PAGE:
Few personalities in Muslim history have exerted as great and enduring an influence on Islamic thought and piety as Imam Husayn. For Sunni, and particularly Sufi piety, Husayn is the revered grandson of the Prophet and member of his household (ahl al-bayt). Husayn’s shrine-mosque in Cairois a living symbol of Sunni devotion to the martyred imam.

Husayn’s revolt against Umayyad rule inspired not only religious Muslims, but also secular socialists. A powerful portrayal of Husayn the revolutionary was made by the socialist Egyptian writer `Abd al-Rahman al-Sharqawi in his two-part play, “Husayn the Revolutionary” and “Husayn the Martyr.”

Although these ideas are also shared by many educated Shi’is Husayn occupies a central place in Twelver ShM faith and piety. Pilgrimage (ziyarah), actual or ritualistic, to his tomb is second in importance to the hajj pilgrimage. Moreover, the `Ashura’ and other ta`ziyah (passion play) celebrations have given the Shi’i community an ethos of suffering and martyrdom distinguishing it sharply from the rest of the Muslim community.

The meaning and significance of the revolution, struggle, and martyrdom of Imam Husayn continues to grow with changing times and political circumstances of Muslim society. He has become a symbol of political resistance for many Muslims, regardless of their ideological persuasion or walk of life. For Shi`i Muslims Husayn is also a symbol of eschatological hope, as the expected Mahdi (messiah) will finally avenge his blood and vindicate him and all those who have suffered wrong at the hands of tyrannical rulers.

Since the middle ages special mosque annexes appropriately called husayniyahs have served as centers for the memorial observances of the sufferings and martyrdom of Husayn and his family and the social and political lessons that can be learned from this tragedy. It was in such centers inBeirutand southLebanonthat the first Shi’i resistance movements were born. It was also in the Husayniyah-yi Irshad that the ideas of `All Shari ati kindled the final spark of theIran’s Islamic Revolution. Indications are that the example of Husayn will continue to inspire Muslim resistance and religious fervor for a long time to come.

[See also Husaytuyah; Ithna `Asharlyah;Karbala; Shi`i Islam, historical overview article; Ta`ziyah; and the biography of `Ali ibn Abi Talib.]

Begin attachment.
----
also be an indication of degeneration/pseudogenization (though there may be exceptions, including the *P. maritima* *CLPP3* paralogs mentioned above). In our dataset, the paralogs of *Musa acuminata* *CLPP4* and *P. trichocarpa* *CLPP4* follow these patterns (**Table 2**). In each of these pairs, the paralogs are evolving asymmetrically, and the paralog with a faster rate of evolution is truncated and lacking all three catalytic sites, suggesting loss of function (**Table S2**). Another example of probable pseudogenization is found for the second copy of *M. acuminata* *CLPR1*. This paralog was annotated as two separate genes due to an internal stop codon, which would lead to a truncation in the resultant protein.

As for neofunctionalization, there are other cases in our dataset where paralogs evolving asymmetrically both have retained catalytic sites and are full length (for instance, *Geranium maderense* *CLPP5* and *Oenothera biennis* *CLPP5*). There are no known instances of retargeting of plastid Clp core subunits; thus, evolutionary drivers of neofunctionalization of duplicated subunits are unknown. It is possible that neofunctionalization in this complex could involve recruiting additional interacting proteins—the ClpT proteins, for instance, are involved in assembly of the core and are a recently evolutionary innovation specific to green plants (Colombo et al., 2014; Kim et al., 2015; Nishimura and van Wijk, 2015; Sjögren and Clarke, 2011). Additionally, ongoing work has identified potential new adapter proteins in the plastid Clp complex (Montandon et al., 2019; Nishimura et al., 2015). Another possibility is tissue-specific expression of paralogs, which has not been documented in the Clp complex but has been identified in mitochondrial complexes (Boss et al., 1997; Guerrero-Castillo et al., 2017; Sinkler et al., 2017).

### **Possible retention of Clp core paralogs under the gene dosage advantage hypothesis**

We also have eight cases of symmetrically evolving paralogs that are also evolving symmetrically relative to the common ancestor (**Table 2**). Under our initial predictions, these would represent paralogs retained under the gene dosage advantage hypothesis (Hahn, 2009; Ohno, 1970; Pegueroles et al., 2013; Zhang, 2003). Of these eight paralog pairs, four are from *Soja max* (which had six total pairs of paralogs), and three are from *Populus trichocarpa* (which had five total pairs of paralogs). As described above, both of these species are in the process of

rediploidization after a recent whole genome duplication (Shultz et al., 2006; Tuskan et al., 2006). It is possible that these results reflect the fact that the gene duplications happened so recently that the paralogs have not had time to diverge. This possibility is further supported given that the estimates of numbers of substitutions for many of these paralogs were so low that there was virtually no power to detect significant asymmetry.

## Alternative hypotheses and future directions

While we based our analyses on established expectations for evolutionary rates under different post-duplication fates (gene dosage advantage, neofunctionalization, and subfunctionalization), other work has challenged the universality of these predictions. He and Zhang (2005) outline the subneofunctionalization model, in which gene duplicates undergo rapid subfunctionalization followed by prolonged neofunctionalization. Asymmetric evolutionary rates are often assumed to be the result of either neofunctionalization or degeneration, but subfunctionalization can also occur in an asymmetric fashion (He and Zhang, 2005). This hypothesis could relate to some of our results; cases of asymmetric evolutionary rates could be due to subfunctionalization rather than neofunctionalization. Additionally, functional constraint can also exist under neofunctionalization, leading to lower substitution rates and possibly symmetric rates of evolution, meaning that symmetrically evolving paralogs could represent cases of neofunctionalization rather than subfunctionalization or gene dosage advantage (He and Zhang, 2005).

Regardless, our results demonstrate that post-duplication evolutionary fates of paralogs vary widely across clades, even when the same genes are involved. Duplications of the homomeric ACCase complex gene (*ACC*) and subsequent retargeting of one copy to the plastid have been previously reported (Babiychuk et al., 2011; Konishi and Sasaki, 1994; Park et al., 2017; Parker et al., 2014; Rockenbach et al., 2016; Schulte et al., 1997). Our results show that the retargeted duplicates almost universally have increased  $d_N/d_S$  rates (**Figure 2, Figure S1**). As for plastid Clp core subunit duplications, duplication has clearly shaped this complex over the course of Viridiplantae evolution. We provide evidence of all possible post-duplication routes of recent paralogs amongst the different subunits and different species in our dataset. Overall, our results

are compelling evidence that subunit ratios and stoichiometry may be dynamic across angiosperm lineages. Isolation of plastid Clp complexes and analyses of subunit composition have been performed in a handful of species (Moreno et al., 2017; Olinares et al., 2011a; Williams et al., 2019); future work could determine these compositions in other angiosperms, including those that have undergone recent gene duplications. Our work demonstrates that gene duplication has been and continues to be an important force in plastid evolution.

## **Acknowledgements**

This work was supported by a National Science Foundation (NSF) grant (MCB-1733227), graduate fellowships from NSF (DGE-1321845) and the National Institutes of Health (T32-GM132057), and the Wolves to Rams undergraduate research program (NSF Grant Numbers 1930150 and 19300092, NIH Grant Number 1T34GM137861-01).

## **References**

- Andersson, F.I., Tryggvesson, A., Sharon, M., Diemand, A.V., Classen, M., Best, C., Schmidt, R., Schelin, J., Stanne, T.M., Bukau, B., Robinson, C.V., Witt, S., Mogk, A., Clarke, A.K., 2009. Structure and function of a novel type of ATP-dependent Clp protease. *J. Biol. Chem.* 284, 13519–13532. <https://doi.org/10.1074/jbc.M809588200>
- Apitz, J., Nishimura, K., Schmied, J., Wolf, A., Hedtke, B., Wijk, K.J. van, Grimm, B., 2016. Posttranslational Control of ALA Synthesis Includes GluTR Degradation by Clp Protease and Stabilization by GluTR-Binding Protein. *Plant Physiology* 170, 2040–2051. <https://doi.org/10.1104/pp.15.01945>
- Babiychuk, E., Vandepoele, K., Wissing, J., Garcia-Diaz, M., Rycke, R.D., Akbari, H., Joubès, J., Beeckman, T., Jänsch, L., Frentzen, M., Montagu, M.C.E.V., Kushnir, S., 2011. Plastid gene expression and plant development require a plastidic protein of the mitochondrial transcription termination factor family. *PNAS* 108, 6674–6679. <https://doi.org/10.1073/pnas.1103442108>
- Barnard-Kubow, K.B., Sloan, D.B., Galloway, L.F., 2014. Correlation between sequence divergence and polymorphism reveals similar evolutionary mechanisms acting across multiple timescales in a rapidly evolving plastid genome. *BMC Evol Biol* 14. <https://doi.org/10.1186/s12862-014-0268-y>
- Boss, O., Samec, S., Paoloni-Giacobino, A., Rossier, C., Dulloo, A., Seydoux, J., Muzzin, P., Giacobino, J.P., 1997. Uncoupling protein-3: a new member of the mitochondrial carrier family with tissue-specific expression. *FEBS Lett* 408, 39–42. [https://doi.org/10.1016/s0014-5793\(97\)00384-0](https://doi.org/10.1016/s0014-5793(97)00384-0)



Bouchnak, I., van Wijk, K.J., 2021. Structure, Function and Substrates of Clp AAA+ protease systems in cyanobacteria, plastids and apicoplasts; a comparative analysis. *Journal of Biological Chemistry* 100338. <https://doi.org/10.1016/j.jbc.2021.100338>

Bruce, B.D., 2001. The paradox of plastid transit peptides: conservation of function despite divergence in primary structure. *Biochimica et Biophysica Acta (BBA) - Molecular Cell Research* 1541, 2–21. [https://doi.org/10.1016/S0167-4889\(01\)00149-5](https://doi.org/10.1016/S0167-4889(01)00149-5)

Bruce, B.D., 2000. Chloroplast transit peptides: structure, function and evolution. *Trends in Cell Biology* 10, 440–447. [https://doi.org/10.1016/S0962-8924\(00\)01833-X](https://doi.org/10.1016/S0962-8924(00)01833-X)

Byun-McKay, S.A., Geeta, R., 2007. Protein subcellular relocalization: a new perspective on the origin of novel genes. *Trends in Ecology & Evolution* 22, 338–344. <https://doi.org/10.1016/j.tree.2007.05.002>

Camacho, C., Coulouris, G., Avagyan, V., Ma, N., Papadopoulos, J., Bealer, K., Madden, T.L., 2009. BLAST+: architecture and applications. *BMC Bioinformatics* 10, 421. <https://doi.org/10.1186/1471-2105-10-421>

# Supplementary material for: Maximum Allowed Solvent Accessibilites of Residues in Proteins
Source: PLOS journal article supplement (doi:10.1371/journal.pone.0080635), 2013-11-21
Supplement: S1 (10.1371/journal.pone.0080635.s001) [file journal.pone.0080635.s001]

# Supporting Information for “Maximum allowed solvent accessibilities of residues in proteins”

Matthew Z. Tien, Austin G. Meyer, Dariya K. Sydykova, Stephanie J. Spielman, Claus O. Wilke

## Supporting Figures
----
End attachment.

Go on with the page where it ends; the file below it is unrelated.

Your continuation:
Ahmad, Fazl. Husain: The Great Martyr.Lahore, 1969. Useful source for a concise presentation of pious Shi i views of martyrdom. Alsarat. The Imam Husayn. Vol. 12. Edited by the Muhammadi Trust ofGreat BritainandNorthern Ireland.London, 1986. Collection of papers presented at the Imam Husayn Conference from a variety of Shi’i and Sunni scholars representing both traditional and modern views of Husayn’s personality and martyrdom.

Ayoub, Mahmoud M. Redemptive Suffering in Islam: A Study of the Devotional Aspects of `Ashfera’ in Twelver Shi’ ism.The Hague, 1978. Offers a useful discussion of the development of the `Ashura’ celebrations and their place in Shill popular piety and culture.

Mufid, Muhammad ibn Muhammad al-. Kitab al-Irshdd: The Book of Guidance. Translated byI.K. A. Howard.Elmhurst,N.Y., 1981. Classic work presenting a generally balanced account of Husayn’s life and martyrdom, by a respected tenth-century Shi’i scholar. See part 2, chapter 2, “Imam al-Husayn Ibn `All” (pp. 296-379).

Naqvi, `Ali Naqi. The Martyraom ofKarbala. Translated by S. Ali Akhtar.Karachi, 1984. Controversial and very important work representing the views of a noted Indian Shi i scholar.

Shams al-Din, Muhammad Mahdi. The Rising of Husayn: Its Impact on the Consciousness of Muslim Society. Translated byI.K. A. Howard.London, 1985. Stimulating study of the influence of Husayn’s revolution on the social and political consciousness of Muslim society, by a contemporary Lebanese Shi`i scholar.

Tabari, Muhammad ibn Jarir al-. The History of al-Tabari, vol. 19, The Caliphate of Yazid b. Mu`awiyah. Translated byI.K. A. Howard.Albany,N.Y., 1990. The earliest account by an authoritative classical historian, based on the oldest sources.

Taleqani, Mahmud, et al. Jihad and Shahadat: Struggle and Martyrdom in Islam.Houston, 1986. See especially chapters 5-8 in the book by `Ali Shari’ati.


Azhar Niaz Article's Source: http://islamicus.org/husayn-ibn-ali/